13 September 2015

Go, Girl! Fate Moves The Sheep! Breakthrough.

Fate Moves The Sheep

Fate Moves The Sheep

It happened spontaneously, and without direction, as I imagined it would. We came into the pasture, I put Red in his usual lie down to hold the sheep until I had opened the gate to get ready for them. I couldn't see Fate, I assumed she was running around somewhere.

I walked over the hill and was surprised – and happy – to see Fate marching the sheep right down the hill to the gate where we usually go. She was circling them rather than walking behind them, but she kept moving and kept them moving, she got them to the gate and held them off of it, as Red does, until I got down there.

This marked the first time Fate actually moved the flock by herself. She has been able to turn them and stop them and is giving them daily doses of strong eye. But today was different, I did a silly jig in the pasture, I have sore legs and a lot of bug bites to show for it, she has worked hard and lovingly.

We'll see what happens tomorrow. Dr. Karen Thompson, the wonderful human and breeder who gave us Fate, says our job as trainers of real herding dogs is to put names on what the dogs naturally know how to do. This is my training credo. Good for Fate.

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Fate And Matthew

Fate And Matthew

Fate And Matthew

I thought Matthew's face was one of the images of the day, he and Fate were wrestling all afternoon, there is something electric that exists between a 10-year-old boy and a border collie puppy. Fate went flying across the yard, knocked Matthew over on his butt and gnawed happily and joyously on his face. He ate it up. Matthew is an animal lover, he tried his hand at sheepherding along with the dogs, he did well.

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Brushing Lulu: The St. John’s Boys. Animals In Our Lives.

Brushing Lulu

Brushing Lulu

There were many touching moments when the St. John's Boys visited the farm. They loved to watch Red and Rose herd the sheep, their eyes were wide and they had a lot of questions, so many I might go see them again at Pompanuck Farms Monday afternoon, their visit was cut short by a fierce rainstorm.

One student in particular – I won't use his name – asked to brush Chloe and then the donkeys. His touch was gentle and intuitive, and the animals loved him and responded to him. The usually standoffish Lulu nestled against him, and stood still for a long time as he brushed her with confidence and sensitivity. He is a natural animals lover, and the smile on his face showed that he saw that as well.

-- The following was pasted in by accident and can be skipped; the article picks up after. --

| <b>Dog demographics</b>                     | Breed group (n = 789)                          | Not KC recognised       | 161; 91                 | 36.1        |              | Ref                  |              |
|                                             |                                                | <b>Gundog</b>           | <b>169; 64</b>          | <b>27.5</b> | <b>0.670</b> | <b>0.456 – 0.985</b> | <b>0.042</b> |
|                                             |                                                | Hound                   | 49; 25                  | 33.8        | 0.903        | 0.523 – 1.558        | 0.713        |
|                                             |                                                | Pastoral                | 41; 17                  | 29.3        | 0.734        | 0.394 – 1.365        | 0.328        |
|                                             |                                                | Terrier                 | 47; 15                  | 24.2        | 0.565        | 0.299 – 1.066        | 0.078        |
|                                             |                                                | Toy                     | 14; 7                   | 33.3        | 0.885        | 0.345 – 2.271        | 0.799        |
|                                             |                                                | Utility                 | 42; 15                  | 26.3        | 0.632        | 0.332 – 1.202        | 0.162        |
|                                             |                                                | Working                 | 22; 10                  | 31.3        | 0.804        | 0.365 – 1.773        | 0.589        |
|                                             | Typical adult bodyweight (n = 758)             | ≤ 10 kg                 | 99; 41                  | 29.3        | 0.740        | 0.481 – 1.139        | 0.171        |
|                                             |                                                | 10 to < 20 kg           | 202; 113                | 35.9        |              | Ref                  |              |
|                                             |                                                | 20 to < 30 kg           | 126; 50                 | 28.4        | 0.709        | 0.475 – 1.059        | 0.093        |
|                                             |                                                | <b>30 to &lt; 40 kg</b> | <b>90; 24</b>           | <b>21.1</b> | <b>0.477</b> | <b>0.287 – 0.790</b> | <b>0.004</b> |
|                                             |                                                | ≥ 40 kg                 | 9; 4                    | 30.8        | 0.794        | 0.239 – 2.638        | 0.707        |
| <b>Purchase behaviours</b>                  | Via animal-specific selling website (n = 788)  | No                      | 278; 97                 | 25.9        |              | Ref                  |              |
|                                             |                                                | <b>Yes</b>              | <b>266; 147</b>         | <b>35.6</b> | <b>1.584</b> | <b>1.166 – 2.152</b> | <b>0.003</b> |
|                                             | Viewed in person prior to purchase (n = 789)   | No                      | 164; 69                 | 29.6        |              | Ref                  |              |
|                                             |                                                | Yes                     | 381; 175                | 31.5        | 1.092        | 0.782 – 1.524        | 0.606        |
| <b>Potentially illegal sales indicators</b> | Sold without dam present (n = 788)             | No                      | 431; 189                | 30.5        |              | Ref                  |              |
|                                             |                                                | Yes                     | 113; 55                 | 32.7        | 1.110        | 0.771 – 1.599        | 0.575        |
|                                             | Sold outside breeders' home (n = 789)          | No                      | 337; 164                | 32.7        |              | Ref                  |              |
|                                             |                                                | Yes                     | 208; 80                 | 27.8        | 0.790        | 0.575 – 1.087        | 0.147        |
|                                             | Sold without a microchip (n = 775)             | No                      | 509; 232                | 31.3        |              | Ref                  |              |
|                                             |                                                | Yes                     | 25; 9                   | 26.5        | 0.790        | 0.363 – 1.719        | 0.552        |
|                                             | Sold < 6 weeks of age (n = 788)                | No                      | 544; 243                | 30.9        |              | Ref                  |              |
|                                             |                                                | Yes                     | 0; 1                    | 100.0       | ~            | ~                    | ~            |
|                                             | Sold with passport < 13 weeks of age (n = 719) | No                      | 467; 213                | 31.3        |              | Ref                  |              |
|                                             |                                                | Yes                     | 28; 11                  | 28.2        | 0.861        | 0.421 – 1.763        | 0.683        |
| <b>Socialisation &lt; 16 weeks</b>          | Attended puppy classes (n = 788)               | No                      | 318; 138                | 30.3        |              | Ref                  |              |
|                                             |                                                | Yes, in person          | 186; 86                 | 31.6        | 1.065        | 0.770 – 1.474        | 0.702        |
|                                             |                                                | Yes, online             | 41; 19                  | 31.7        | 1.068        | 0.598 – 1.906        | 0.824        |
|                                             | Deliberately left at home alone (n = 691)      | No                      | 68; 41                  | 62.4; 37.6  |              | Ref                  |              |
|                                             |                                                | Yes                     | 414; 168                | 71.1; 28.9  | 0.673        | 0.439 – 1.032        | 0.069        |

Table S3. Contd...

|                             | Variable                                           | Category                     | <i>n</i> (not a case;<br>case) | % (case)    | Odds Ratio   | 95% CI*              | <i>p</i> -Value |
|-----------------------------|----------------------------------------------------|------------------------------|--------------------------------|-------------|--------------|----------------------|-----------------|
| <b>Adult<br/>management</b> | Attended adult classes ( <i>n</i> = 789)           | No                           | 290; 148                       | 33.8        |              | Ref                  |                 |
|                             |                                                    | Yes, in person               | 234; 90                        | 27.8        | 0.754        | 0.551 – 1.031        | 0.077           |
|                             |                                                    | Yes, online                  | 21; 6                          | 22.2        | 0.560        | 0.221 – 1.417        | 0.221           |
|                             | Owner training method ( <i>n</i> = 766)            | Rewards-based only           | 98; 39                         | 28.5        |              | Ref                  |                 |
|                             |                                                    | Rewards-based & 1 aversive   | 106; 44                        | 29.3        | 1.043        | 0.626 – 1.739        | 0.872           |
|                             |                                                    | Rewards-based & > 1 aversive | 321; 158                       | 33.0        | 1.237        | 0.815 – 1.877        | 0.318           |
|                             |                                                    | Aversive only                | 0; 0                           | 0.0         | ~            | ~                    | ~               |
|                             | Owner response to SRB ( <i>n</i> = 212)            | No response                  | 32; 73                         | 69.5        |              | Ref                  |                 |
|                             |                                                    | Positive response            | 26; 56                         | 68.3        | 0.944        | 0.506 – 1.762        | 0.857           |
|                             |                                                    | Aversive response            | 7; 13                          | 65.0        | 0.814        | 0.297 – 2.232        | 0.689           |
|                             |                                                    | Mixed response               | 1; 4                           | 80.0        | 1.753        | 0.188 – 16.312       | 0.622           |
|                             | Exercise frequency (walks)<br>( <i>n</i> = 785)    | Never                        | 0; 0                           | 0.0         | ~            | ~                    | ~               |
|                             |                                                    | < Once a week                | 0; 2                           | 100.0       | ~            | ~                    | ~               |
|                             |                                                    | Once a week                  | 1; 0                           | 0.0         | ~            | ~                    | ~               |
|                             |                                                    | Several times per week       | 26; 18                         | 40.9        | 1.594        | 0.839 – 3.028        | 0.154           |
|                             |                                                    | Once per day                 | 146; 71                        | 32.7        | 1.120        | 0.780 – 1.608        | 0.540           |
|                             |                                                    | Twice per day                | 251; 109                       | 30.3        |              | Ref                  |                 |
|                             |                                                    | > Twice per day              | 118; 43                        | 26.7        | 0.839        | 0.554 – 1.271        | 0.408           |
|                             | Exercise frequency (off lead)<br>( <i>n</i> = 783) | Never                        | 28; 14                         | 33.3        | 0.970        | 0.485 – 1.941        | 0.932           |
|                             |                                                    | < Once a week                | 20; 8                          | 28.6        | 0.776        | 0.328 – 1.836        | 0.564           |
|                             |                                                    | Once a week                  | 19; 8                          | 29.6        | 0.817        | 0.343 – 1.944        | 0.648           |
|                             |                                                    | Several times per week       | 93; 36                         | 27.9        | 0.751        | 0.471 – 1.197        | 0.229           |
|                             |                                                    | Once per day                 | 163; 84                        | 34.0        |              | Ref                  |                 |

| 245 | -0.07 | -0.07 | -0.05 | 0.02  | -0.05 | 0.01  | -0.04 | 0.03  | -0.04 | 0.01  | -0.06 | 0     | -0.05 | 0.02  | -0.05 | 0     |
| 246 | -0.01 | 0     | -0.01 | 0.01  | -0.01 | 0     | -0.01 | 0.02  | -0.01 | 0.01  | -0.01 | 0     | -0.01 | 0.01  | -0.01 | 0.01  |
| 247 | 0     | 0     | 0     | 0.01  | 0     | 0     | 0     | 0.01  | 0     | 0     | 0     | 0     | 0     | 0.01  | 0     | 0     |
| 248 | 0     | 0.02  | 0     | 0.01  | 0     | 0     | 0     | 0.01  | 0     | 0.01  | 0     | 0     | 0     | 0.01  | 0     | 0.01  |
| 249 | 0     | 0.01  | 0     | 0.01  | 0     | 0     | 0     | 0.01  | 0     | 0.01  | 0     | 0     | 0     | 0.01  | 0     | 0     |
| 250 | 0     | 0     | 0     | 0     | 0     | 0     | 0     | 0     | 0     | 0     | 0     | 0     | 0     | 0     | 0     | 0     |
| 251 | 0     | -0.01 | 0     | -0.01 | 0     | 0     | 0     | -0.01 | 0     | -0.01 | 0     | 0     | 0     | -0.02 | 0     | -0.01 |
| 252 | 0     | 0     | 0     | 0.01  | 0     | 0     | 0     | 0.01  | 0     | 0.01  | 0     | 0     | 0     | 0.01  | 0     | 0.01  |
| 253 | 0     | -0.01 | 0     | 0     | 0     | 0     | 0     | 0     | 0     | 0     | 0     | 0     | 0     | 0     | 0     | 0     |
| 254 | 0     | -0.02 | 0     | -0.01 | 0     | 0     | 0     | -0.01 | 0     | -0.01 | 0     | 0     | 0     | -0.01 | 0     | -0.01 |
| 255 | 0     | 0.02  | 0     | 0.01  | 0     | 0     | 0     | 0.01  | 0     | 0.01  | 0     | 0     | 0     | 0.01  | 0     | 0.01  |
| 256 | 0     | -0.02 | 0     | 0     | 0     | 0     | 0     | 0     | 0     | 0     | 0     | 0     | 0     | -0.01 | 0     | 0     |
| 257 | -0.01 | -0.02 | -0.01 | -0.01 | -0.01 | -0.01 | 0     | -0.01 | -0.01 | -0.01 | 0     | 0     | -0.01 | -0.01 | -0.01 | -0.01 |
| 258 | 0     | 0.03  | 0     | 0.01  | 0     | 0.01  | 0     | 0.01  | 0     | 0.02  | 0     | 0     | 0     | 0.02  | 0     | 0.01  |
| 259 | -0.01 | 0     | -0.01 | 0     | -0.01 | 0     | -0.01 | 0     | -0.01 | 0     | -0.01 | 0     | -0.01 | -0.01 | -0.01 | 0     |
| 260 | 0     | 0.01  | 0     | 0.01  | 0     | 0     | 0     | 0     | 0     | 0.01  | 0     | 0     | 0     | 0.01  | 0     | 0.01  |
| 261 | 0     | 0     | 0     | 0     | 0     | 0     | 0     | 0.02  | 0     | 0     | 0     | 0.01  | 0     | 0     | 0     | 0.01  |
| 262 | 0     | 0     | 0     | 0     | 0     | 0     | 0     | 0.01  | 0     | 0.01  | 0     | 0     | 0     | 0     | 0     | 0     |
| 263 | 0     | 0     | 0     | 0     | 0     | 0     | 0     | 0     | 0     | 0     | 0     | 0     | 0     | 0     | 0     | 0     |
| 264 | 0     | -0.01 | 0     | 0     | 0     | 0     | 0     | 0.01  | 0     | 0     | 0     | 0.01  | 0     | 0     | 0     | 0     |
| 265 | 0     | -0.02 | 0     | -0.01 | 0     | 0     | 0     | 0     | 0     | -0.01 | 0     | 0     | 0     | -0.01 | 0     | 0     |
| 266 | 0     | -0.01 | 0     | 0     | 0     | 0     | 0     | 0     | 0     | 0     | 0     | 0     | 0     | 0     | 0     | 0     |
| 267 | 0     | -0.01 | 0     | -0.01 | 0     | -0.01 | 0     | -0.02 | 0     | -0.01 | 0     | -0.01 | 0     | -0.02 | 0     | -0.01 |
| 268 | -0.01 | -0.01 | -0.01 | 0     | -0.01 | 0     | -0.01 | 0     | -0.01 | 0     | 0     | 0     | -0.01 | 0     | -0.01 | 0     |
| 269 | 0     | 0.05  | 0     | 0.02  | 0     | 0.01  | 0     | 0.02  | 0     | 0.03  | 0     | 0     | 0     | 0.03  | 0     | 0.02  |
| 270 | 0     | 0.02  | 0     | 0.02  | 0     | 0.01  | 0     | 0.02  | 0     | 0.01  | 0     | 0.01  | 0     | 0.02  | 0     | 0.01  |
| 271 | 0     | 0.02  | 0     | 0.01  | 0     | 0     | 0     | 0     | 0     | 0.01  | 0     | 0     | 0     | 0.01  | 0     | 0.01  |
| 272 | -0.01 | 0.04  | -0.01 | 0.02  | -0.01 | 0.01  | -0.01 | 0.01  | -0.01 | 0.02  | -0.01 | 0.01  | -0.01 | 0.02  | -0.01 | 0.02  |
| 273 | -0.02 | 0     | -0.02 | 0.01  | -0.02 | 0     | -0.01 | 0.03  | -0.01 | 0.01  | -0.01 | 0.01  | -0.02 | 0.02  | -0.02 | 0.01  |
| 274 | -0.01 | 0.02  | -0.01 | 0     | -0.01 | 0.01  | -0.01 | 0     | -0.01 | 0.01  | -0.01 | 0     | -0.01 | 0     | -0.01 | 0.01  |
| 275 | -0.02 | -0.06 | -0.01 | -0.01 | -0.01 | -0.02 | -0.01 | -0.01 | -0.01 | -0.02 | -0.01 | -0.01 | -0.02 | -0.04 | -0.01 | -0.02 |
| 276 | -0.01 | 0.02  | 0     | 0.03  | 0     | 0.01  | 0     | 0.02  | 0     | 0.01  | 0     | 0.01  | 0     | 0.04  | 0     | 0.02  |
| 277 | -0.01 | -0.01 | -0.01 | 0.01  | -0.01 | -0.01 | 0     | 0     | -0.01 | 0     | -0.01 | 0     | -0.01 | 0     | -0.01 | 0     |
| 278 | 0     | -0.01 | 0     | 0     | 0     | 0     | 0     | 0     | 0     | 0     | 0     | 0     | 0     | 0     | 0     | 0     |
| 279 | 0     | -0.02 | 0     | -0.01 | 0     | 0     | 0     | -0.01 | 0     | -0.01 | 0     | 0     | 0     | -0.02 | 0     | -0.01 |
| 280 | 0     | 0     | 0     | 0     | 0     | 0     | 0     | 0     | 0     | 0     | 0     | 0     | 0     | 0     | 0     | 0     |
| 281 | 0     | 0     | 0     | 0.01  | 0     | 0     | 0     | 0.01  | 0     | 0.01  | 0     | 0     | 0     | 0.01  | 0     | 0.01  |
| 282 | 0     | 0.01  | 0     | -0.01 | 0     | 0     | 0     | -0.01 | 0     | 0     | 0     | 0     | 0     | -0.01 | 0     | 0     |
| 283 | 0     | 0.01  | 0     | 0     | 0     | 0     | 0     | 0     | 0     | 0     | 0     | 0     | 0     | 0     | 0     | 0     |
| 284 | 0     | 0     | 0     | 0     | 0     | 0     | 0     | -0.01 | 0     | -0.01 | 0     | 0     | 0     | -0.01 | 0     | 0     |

He said he may work with animals now when he gets older. I hope that happens, and if it does, I will be proud and excited that his visit to the farm may have lit that spark. The visit reminded me why animals need to remain in our every day lives, especially in cities and suburbs, where most people live.

I told them about the New York Carriage Horses, none of them had ever seen them, I think that will change now.

We need animals in our lives,  they matter, it would be so wrong to banish them all to rescue farms and preserves where kids like the St. John's boys will never see them. We talked about love, responsibility and the healing power of creatures like donkeys. How can they ever know about it if they never see them?

Lulu did good work today.

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The St. John’s Boys

The St. John's Boys

The St. John's Boys

The St. John's School in New York City and Bedlam appeared to have adopted one another, once or twice a year, some kids from the well-known school for challenged young men come up to stay at Pompanuck Farm and visit our farm. None of them have ever seen a donkey, pony, border collie or sheep.

It is a gift to see these young men light up at the sight of animals, talk to them, brush them, ask a million good questions about them. They learned that animals need work, and they learned that the donkeys of the world carry crosses on their back, and they learned about the challenge and responsibility of training dogs.

We were glad to see them, Chloe has stepped into Simon's friendly shoes, she is happy to receive visitors, be brushed and touched by them, and appreciates every carrot or apple that she can get.

It made us both feel very good to see the farm used in this way, we are getting more and more serious about bringing young people here to see the animals. The boys at St. John's – it is a residence for boys who need homes as well as a school – are most welcome here. Animals can change lives.

St. John's school came to my attention because my friend Scott Carrino lived there when it was an orphanage and he had no home to go to.

 

 

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Father, Son, Broken Limb

Broken Limb

Broken Limb

Towards the end of their work, Justin and Tyler, father and son, decided to get a broken limb down off of the apple tree. It was high and heavy, and still attached. Tyler twisted and twisted it until it snapped and came down and joined the wood on the burn pile. This photograph had symbolism to me, the father and the son working together, communicating so well.

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